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Doomabilly: Opossum Holler’s Lloyd Nicely and Shelby Smith

Doomabilly: Opossum Holler’s Lloyd Nicely and Shelby Smith
Lloyd Nicely’s first guitar was a 1963 Fender Jazzmaster that he bought at Gruhn Guitars, where he now works. His main axe is an orange 1959 Gretsch 6120.
Photo by Dusty Draper

We sit down to talk with the Kentucky trio's guitarist and bassist about their adrenalin-fueled mix of B-movie references, grade-A riffs, and smarty-pants chords.

Kentucky-based rockers Opossum Holler play in the style of doomabilly: an eclectic mash-up of rockabilly and ’70s metal. It’s a high-energy cocktail, but also dynamic, dark, and introspective. The band is edgy, yet quirky and offbeat—and they’re not subtle. “I was influenced by anything B-horror movie related,” guitarist Lloyd Nicely says. “So that’s where most of it comes from.” The band is officially based in Bowling Green and released their first album, What’s Done Is Done, in 2011. Their lineup includes Nicely on guitar and vocals, plus drummer Matt DeVore and bassist Shelby Smith, who replaced founding bassist Brad Ausbrooks in 2014.

The power trio format suits Nicely just fine. He boasts virtuosic technique, superior tones, and an unorthodox perspective. “I was very influenced by Elvis and the rockabilly stuff,” he says. “I got really heavy into a lot of psychobilly music like Batmobile, Guana Batz, and, of course, Reverend Horton Heat. I always liked the Cramps—things like that—and I was very into Dick Dale.” Nicely also has an encyclopedic knowledge of vintage gear, which he puts to use working at Gruhn Guitars in Nashville. “I do the majority of the purchasing and consigning for the shop,” he explains.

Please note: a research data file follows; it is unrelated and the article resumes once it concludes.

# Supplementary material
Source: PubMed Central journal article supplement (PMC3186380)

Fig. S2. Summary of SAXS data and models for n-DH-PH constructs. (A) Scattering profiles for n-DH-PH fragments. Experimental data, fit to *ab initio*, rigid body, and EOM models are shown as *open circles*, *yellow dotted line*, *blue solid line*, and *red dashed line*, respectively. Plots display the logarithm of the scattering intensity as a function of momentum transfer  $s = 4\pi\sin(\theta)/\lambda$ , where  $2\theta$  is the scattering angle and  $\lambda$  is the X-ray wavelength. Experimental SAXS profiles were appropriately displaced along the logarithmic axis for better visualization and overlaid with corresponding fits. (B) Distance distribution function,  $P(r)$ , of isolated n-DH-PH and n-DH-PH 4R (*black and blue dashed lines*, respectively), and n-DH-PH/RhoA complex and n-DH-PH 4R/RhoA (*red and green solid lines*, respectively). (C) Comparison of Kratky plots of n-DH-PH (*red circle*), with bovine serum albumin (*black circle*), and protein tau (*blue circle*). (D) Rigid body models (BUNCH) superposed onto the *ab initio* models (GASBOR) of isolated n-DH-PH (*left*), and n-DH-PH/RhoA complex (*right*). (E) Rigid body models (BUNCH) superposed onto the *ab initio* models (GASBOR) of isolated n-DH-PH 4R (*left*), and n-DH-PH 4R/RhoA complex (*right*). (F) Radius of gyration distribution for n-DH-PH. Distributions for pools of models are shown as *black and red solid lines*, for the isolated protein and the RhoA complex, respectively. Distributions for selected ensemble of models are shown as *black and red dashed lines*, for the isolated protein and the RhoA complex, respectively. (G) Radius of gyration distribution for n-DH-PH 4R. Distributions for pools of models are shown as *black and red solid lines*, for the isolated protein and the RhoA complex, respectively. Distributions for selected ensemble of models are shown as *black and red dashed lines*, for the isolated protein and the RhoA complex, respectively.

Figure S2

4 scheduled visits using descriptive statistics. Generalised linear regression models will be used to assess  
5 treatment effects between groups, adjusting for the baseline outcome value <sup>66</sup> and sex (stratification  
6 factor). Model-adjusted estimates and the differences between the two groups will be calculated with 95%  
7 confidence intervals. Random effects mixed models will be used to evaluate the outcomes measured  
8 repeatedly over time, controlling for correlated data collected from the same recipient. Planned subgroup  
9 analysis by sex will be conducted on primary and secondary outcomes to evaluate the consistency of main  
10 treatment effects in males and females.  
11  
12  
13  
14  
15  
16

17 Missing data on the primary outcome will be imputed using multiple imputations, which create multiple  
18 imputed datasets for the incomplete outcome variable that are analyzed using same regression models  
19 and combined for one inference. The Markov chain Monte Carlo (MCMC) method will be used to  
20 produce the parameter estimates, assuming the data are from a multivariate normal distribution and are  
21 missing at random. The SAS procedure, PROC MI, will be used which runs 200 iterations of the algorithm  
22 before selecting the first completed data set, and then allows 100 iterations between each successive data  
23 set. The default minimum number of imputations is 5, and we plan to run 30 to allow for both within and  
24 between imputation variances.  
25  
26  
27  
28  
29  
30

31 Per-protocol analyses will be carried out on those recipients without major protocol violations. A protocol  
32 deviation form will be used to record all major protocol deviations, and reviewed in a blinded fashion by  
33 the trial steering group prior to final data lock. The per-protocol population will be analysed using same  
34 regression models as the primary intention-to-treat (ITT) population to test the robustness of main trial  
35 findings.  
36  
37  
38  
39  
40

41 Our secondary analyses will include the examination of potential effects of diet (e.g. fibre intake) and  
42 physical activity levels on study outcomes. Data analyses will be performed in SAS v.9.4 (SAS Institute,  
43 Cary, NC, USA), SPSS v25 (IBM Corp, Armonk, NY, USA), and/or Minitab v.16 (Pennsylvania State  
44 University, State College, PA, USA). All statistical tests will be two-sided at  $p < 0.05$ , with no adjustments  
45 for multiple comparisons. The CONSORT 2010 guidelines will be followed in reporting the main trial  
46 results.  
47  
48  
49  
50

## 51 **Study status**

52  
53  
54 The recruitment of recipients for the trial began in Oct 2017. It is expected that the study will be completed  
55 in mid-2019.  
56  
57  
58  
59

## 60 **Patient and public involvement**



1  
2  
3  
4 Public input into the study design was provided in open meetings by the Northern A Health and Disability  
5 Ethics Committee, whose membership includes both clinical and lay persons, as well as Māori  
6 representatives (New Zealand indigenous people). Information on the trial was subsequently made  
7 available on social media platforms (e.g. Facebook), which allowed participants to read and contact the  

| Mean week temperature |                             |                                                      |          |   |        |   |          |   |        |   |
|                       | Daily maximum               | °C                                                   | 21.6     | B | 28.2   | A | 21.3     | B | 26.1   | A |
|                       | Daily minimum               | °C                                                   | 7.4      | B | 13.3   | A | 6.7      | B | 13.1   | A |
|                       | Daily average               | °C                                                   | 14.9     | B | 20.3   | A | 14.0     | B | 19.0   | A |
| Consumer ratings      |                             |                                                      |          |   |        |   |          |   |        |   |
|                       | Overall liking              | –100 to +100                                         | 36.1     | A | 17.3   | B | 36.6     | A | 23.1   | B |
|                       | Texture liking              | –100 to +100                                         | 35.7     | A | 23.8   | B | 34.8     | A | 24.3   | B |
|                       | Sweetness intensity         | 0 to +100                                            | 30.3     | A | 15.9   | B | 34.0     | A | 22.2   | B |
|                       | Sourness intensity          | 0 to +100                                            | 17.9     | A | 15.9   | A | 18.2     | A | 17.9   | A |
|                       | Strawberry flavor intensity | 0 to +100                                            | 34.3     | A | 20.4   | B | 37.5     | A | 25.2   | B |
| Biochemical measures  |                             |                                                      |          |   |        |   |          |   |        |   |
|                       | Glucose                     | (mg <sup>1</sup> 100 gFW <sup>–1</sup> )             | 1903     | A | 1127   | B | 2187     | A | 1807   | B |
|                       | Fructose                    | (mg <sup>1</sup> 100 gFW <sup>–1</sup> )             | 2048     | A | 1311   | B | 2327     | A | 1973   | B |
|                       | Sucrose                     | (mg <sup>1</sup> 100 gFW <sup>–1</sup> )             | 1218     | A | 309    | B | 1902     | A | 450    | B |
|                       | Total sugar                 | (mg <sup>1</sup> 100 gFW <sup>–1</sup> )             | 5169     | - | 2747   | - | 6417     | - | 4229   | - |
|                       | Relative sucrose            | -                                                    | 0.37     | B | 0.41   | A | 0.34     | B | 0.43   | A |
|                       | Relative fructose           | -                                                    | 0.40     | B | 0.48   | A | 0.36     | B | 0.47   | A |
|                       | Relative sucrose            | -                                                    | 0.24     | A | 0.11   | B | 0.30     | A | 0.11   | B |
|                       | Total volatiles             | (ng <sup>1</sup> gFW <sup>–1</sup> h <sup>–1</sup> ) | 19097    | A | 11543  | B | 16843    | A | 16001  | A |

The group’s alternative energy and first-class musicianship are getting them attention. Willie Adler from Lamb of God is a notable champion. “We never opened for them,” Nicely says about Lamb of God. “But [Adler] came and played a few dates with us. We have a song called “Sawdust,” and he will get onstage and play that tune with us from time to time.” Adler also makes an appearance in Opossum Holler’s camp horror video, “Hex,” as a bartender and undead motorist. Their most recent release, Pine and Stone, continues to wade knee-deep in the sonic marshlands and showcases Nicely’s fearless use of colorful chordal tensions (like 9s, 11s, and 13s) awash in fuzz. His ability to do that is a testament to his skill and finesse—not something you’d expect in a band as gritty as Opossum Holler.

“I actually taped an overdrive pedal onto the top of my guitar so I could hit the overdrive with my hand instead of using my foot.”

We spoke with Nicely about crafting great tones, nuancing complex chord voicings from an oversaturated amp, finessing music from a belligerent vintage guitar, and the merits of recording everything live. Check out our sidebar with bassist Smith for added ’Possum perspective.

Who are some of your early influences?
The earliest stuff I listened to was probably the stuff my dad got me into. My dad was a professional bluegrass musician—a mandolin player. A lot of my earliest influences would probably be Johnny Cash, Bill Monroe. My dad was really into Bill Monroe, which really doesn’t reflect in my music at all [laughs]—but a lot of the early bluegrass stuff was very influential. And Elvis Presley was probably my largest influence ever.

What got you started playing guitar?
Oddly enough, it was my grandfather. He was a banjo player and he wanted somebody to play music with. He’d play banjo and I’d play flattop guitar. But mainly, for the rock ’n’ roll stuff, Tony Iommi may have been my biggest influence to pick up the electric guitar.